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January 15, 1988 - Image 1

Resource type:
Text
Publication:
The Detroit Jewish News, 1988-01-15

Disclaimer: Computer generated plain text may have errors. Read more about this.

THE JEWISH NEWS

THIS ISSUE 60tP

SERVING DETROIT'S JEWISH COMMUNITY

JANUARY 15, 1988 / 25 TEVET 5748

Students Disrupt
Ann Arbor Speech

LILA ORBACH

Special to The Jewish News

The month-long unrest within
Israel's administered territories
spread all the way to Ann Arbor
earlier this week, when Jews and
Arabs clashed during a not-so-
peaceful protest.
The confrontation took place Mon-
day night on the steps of the Univer-
sity of Michigan Union during a
demonstration sponsored by more
than a dozen Ann Arbor groups, in-
cluding two Jewish organizations, in
protest of Israel's policy toward the

Palestinian people and the recent
violence in the West Bank and Gaza.
The protestors, many of them Arab
students, were opposed by a handful
of counter-demonstrators from
TAGAR — a student Zionist
organization.
Since Dec. 8, a surge of unrest has
spread through the West Bank and
Gaza Strip. Young Palestinians have
resorted to stone throwing, fire bom-
bing and tire burning. More than 30
Palestinians have been killed.
The object of the Ann Arbor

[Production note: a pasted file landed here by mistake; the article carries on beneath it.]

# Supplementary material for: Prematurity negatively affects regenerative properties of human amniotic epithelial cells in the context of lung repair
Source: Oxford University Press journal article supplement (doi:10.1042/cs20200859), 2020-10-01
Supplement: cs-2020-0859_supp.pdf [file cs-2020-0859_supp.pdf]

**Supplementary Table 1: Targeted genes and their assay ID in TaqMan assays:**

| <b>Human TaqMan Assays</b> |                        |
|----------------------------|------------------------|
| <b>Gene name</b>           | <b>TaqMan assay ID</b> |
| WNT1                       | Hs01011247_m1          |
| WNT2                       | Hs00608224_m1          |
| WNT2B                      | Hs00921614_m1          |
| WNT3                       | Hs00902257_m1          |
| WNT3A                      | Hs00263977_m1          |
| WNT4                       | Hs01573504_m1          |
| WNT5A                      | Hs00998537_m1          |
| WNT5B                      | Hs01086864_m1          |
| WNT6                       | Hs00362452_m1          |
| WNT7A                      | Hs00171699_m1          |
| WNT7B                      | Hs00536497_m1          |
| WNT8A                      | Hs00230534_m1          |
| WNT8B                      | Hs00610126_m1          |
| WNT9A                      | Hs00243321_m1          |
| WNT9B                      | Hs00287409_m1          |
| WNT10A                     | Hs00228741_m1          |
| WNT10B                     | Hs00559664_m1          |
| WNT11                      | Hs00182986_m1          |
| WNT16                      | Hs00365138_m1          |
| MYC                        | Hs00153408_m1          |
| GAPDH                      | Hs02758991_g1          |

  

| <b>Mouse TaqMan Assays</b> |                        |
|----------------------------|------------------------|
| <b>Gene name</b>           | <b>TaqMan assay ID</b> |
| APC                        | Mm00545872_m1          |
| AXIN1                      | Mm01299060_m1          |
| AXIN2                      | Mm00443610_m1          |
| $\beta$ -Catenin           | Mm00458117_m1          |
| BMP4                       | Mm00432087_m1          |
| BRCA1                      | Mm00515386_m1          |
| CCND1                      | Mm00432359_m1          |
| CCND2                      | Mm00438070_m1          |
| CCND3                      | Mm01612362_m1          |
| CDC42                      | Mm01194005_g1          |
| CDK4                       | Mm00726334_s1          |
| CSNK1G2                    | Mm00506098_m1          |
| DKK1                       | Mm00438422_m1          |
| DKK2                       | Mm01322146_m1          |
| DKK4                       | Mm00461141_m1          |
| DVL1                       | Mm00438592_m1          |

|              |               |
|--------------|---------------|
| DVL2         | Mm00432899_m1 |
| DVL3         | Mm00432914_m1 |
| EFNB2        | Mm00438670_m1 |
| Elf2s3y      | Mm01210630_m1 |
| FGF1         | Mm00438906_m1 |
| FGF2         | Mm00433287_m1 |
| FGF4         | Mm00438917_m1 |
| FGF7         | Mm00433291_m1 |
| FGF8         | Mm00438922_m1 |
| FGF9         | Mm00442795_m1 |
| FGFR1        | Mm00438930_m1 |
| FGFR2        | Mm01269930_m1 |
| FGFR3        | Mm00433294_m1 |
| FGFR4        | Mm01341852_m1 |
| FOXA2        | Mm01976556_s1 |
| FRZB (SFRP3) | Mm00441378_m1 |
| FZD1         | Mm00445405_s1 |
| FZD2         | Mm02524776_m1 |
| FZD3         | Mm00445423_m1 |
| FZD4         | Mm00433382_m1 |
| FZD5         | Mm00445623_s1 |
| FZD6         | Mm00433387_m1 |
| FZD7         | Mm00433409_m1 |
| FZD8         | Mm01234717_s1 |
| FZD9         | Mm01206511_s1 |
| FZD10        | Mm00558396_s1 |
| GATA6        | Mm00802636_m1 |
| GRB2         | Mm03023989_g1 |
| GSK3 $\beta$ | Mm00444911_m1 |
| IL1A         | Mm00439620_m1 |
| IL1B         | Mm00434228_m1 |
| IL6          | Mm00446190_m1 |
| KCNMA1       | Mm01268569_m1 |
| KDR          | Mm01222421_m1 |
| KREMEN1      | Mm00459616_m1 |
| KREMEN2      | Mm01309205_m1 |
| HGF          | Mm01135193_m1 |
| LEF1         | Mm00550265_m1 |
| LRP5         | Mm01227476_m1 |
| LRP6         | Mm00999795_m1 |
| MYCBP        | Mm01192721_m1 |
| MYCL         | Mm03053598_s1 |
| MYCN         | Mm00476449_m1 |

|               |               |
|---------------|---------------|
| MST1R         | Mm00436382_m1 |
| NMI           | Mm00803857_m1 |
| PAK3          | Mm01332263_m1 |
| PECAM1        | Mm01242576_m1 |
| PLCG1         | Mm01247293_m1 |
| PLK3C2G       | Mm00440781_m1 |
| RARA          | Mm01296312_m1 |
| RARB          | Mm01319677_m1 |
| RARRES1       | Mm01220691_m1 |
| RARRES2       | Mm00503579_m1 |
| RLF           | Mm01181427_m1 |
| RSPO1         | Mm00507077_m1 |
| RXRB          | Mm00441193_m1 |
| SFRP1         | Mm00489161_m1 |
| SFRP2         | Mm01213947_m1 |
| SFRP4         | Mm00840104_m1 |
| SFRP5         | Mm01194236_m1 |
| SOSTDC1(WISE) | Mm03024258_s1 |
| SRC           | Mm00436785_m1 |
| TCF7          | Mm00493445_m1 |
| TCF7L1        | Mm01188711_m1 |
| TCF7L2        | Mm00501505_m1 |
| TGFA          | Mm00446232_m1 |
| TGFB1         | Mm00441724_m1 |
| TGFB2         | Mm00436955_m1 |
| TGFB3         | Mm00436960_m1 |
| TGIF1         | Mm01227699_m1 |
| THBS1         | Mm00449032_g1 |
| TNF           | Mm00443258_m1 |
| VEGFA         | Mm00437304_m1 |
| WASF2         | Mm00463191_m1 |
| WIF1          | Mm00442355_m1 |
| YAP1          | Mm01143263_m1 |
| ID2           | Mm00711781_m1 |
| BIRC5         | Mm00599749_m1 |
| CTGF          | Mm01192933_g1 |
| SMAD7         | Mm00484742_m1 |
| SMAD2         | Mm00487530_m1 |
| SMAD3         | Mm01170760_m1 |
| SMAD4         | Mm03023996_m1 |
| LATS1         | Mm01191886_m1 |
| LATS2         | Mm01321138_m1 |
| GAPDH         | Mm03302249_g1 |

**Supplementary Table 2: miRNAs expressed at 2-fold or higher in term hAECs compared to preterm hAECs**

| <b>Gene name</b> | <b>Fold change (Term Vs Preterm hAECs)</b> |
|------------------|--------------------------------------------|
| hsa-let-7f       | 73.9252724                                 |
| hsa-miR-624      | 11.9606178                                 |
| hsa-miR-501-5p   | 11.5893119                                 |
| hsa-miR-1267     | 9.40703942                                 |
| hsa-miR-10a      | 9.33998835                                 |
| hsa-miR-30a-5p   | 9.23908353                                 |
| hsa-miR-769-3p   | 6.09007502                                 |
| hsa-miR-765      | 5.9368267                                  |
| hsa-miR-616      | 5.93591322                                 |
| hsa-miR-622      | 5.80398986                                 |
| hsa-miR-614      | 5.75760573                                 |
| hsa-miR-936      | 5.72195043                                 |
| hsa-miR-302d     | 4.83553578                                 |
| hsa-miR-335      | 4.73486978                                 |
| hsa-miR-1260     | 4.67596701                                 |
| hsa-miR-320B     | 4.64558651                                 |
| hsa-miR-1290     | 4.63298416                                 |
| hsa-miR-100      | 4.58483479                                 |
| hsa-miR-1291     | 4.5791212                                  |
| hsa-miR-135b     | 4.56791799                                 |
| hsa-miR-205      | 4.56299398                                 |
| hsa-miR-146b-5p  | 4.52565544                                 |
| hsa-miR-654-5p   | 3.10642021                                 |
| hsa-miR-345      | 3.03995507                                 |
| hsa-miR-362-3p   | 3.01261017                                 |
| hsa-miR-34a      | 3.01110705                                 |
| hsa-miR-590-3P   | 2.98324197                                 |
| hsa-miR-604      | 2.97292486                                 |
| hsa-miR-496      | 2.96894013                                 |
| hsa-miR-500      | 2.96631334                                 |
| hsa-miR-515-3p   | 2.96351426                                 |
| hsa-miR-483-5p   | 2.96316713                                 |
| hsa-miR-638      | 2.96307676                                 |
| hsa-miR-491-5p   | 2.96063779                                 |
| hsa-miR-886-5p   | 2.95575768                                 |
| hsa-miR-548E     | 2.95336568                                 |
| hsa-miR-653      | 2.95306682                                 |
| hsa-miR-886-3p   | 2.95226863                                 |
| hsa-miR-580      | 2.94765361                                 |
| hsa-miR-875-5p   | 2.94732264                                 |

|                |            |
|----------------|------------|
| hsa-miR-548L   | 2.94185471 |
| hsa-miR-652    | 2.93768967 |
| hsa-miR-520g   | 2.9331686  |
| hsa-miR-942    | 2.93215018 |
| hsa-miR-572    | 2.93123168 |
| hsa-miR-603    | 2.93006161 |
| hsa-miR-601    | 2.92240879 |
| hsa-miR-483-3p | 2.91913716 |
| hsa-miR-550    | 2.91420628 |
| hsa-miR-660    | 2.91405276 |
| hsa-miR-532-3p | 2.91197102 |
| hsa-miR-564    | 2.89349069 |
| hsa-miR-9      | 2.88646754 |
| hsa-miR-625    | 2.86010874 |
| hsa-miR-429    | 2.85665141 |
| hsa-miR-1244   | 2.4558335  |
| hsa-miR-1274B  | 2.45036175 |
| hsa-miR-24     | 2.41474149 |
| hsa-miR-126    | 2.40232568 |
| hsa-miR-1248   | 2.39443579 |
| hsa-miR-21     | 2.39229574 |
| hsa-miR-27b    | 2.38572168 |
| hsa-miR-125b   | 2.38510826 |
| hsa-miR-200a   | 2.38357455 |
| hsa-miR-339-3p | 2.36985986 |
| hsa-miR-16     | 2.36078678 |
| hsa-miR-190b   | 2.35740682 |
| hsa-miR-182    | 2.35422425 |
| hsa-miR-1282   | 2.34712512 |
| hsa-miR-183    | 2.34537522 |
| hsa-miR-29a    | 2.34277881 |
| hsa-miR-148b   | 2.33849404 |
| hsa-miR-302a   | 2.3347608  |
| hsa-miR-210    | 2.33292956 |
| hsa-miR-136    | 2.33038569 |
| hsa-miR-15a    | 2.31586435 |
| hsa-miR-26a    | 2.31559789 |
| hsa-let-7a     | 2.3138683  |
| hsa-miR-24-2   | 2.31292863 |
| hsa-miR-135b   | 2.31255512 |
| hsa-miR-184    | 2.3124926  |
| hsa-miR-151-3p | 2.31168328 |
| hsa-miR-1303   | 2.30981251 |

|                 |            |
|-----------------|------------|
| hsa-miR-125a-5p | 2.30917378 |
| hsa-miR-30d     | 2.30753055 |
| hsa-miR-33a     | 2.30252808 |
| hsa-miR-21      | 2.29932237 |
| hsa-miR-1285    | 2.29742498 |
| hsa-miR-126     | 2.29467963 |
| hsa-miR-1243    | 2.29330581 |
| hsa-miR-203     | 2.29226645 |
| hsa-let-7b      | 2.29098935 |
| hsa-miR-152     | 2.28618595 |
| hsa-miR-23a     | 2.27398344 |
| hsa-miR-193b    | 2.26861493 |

demonstrators' wrath was Monday's
Continued on Page 14

Jewish Home Brakes
Its Runaway Deficit

DAVID HOLZEL

Staff Writer

Detroit's Jewish community will
continue to pour in about $1 million
annually to cover the Jewish Home
for Aged's budget deficit for the
forseeable future. The losses, however,
which had been galloping like "a
runaway train," have been contained.
This is the upbeat assessment of
the Jewish Welfare Federation and
the Home's director, Alan Funk,
almost a year after Federation gave
$600,000 above its budgeted $850,000
into the Home's coffers and set into
motion a study of the Home's continu-
ing money woes. The study is now
nearing completion.
According to Funk, the Home's
projected 1987-1988 deficit will reach
$1,100,000, a $350,000 decrease from
the previous year. Federation has

guaranteed that Jewish community
funds will cover the losses so that the
Home will not have to dip into the
principal of its capital funds, he said.
United Jewish Charities, the Federa-
tion endowment arm, will provide the
monies. Other Federation allocations
should not be affected.
Funk maintained the shortfall
stems from inadequate state
Medicaid reimbursement for the 67
percent of the Home's 312 residents
who receive Medicaid payments.
Medicaid only pays $23,000 per pa-
tient bed when the real cost is
$40,000 per bed, he argued.
"If you built a nursing home at
$23,000 a bed, you'd end up with card-
board," he said.
According to Funk, who has been
the Home's director for almost two
years, Federation is satisfied with his

Continued on Page 14

Judeo•
Christian
Dilemma

Contents Page 7

Sholem Aleichem Institute's Betty Schein.

WITHOUT
GOD

Secular Jews pursue
currents of belief
outside the mainstream

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